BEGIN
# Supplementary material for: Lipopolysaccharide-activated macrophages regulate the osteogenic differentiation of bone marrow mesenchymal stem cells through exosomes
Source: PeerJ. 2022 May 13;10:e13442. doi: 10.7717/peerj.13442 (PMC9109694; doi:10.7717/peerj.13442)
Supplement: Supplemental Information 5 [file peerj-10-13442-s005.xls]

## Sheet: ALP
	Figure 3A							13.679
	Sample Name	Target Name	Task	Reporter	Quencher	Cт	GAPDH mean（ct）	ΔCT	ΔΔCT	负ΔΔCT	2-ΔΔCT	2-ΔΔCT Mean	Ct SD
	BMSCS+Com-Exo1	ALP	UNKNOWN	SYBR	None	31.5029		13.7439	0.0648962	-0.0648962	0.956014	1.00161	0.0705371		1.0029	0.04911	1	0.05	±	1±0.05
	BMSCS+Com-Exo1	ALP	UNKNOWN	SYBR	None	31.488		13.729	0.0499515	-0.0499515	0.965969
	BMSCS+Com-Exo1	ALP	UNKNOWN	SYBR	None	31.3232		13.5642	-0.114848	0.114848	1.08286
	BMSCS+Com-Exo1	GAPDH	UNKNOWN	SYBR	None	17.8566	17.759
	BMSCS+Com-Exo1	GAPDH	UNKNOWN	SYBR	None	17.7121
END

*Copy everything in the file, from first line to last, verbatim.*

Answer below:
# Supplementary material for: Lipopolysaccharide-activated macrophages regulate the osteogenic differentiation of bone marrow mesenchymal stem cells through exosomes
Source: PeerJ. 2022 May 13;10:e13442. doi: 10.7717/peerj.13442 (PMC9109694; doi:10.7717/peerj.13442)
Supplement: Supplemental Information 5 [file peerj-10-13442-s005.xls]

## Sheet: ALP
	Figure 3A							13.679
	Sample Name	Target Name	Task	Reporter	Quencher	Cт	GAPDH mean（ct）	ΔCT	ΔΔCT	负ΔΔCT	2-ΔΔCT	2-ΔΔCT Mean	Ct SD
	BMSCS+Com-Exo1	ALP	UNKNOWN	SYBR	None	31.5029		13.7439	0.0648962	-0.0648962	0.956014	1.00161	0.0705371		1.0029	0.04911	1	0.05	±	1±0.05
	BMSCS+Com-Exo1	ALP	UNKNOWN	SYBR	None	31.488		13.729	0.0499515	-0.0499515	0.965969
	BMSCS+Com-Exo1	ALP	UNKNOWN	SYBR	None	31.3232		13.5642	-0.114848	0.114848	1.08286
	BMSCS+Com-Exo1	GAPDH	UNKNOWN	SYBR	None	17.8566	17.759
	BMSCS+Com-Exo1	GAPDH	UNKNOWN	SYBR	None	17.7121